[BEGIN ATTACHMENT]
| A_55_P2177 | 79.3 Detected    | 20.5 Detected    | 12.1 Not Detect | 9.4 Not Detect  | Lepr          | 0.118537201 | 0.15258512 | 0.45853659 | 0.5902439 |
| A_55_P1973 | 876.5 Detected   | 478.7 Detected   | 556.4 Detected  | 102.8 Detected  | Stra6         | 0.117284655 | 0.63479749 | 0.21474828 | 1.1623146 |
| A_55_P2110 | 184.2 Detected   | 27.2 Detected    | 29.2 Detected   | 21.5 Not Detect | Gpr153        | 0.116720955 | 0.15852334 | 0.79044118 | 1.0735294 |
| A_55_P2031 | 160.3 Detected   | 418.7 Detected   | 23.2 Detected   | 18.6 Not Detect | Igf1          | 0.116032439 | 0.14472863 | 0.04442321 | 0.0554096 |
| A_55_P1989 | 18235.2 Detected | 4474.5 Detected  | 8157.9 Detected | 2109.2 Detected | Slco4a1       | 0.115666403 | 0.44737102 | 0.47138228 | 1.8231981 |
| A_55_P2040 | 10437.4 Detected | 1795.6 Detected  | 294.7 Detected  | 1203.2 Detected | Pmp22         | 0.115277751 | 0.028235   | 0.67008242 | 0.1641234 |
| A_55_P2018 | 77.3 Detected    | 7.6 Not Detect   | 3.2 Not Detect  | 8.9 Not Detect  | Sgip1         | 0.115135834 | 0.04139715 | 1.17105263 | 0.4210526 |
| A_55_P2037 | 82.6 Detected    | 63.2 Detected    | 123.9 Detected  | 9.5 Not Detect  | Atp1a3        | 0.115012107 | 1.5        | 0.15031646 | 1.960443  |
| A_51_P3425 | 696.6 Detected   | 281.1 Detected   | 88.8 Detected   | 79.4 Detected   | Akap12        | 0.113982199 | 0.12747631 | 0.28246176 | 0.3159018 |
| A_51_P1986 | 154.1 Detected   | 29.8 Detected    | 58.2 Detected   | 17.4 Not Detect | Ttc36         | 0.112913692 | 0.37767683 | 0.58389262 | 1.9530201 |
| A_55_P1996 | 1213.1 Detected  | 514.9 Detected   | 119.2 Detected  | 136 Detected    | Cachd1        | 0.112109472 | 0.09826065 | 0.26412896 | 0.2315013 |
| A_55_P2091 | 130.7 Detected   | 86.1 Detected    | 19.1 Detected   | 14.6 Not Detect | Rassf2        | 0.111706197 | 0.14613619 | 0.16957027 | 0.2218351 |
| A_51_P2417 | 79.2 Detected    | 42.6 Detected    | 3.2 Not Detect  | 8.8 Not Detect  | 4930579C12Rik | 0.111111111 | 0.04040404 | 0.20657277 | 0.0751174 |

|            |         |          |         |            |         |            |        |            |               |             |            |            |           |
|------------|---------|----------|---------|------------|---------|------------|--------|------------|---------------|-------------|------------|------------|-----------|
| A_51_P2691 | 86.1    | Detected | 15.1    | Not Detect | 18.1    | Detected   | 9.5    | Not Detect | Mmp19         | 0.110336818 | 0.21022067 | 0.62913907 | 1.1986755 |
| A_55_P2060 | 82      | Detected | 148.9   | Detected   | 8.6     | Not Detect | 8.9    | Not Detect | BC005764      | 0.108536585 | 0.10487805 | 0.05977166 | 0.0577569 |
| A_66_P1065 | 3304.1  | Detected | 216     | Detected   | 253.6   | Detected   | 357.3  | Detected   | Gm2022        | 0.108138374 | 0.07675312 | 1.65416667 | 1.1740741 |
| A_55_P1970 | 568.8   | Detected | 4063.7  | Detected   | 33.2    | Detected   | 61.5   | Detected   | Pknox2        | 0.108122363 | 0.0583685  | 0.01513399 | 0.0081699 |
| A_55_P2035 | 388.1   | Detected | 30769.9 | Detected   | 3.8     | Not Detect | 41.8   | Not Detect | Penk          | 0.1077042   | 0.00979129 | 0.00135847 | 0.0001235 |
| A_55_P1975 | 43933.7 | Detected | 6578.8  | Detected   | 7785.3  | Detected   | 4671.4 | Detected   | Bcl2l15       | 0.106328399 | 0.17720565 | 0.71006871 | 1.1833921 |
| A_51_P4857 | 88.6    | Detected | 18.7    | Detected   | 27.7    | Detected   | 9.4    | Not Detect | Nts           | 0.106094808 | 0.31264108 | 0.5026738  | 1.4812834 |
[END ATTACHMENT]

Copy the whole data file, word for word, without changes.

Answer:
| A_55_P2177 | 79.3 Detected    | 20.5 Detected    | 12.1 Not Detect | 9.4 Not Detect  | Lepr          | 0.118537201 | 0.15258512 | 0.45853659 | 0.5902439 |
| A_55_P1973 | 876.5 Detected   | 478.7 Detected   | 556.4 Detected  | 102.8 Detected  | Stra6         | 0.117284655 | 0.63479749 | 0.21474828 | 1.1623146 |
| A_55_P2110 | 184.2 Detected   | 27.2 Detected    | 29.2 Detected   | 21.5 Not Detect | Gpr153        | 0.116720955 | 0.15852334 | 0.79044118 | 1.0735294 |
| A_55_P2031 | 160.3 Detected   | 418.7 Detected   | 23.2 Detected   | 18.6 Not Detect | Igf1          | 0.116032439 | 0.14472863 | 0.04442321 | 0.0554096 |
| A_55_P1989 | 18235.2 Detected | 4474.5 Detected  | 8157.9 Detected | 2109.2 Detected | Slco4a1       | 0.115666403 | 0.44737102 | 0.47138228 | 1.8231981 |
| A_55_P2040 | 10437.4 Detected | 1795.6 Detected  | 294.7 Detected  | 1203.2 Detected | Pmp22         | 0.115277751 | 0.028235   | 0.67008242 | 0.1641234 |
| A_55_P2018 | 77.3 Detected    | 7.6 Not Detect   | 3.2 Not Detect  | 8.9 Not Detect  | Sgip1         | 0.115135834 | 0.04139715 | 1.17105263 | 0.4210526 |
| A_55_P2037 | 82.6 Detected    | 63.2 Detected    | 123.9 Detected  | 9.5 Not Detect  | Atp1a3        | 0.115012107 | 1.5        | 0.15031646 | 1.960443  |
| A_51_P3425 | 696.6 Detected   | 281.1 Detected   | 88.8 Detected   | 79.4 Detected   | Akap12        | 0.113982199 | 0.12747631 | 0.28246176 | 0.3159018 |
| A_51_P1986 | 154.1 Detected   | 29.8 Detected    | 58.2 Detected   | 17.4 Not Detect | Ttc36         | 0.112913692 | 0.37767683 | 0.58389262 | 1.9530201 |
| A_55_P1996 | 1213.1 Detected  | 514.9 Detected   | 119.2 Detected  | 136 Detected    | Cachd1        | 0.112109472 | 0.09826065 | 0.26412896 | 0.2315013 |
| A_55_P2091 | 130.7 Detected   | 86.1 Detected    | 19.1 Detected   | 14.6 Not Detect | Rassf2        | 0.111706197 | 0.14613619 | 0.16957027 | 0.2218351 |
| A_51_P2417 | 79.2 Detected    | 42.6 Detected    | 3.2 Not Detect  | 8.8 Not Detect  | 4930579C12Rik | 0.111111111 | 0.04040404 | 0.20657277 | 0.0751174 |

|            |         |          |         |            |         |            |        |            |               |             |            |            |           |
|------------|---------|----------|---------|------------|---------|------------|--------|------------|---------------|-------------|------------|------------|-----------|
| A_51_P2691 | 86.1    | Detected | 15.1    | Not Detect | 18.1    | Detected   | 9.5    | Not Detect | Mmp19         | 0.110336818 | 0.21022067 | 0.62913907 | 1.1986755 |
| A_55_P2060 | 82      | Detected | 148.9   | Detected   | 8.6     | Not Detect | 8.9    | Not Detect | BC005764      | 0.108536585 | 0.10487805 | 0.05977166 | 0.0577569 |
| A_66_P1065 | 3304.1  | Detected | 216     | Detected   | 253.6   | Detected   | 357.3  | Detected   | Gm2022        | 0.108138374 | 0.07675312 | 1.65416667 | 1.1740741 |
| A_55_P1970 | 568.8   | Detected | 4063.7  | Detected   | 33.2    | Detected   | 61.5   | Detected   | Pknox2        | 0.108122363 | 0.0583685  | 0.01513399 | 0.0081699 |
| A_55_P2035 | 388.1   | Detected | 30769.9 | Detected   | 3.8     | Not Detect | 41.8   | Not Detect | Penk          | 0.1077042   | 0.00979129 | 0.00135847 | 0.0001235 |
| A_55_P1975 | 43933.7 | Detected | 6578.8  | Detected   | 7785.3  | Detected   | 4671.4 | Detected   | Bcl2l15       | 0.106328399 | 0.17720565 | 0.71006871 | 1.1833921 |
| A_51_P4857 | 88.6    | Detected | 18.7    | Detected   | 27.7    | Detected   | 9.4    | Not Detect | Nts           | 0.106094808 | 0.31264108 | 0.5026738  | 1.4812834 |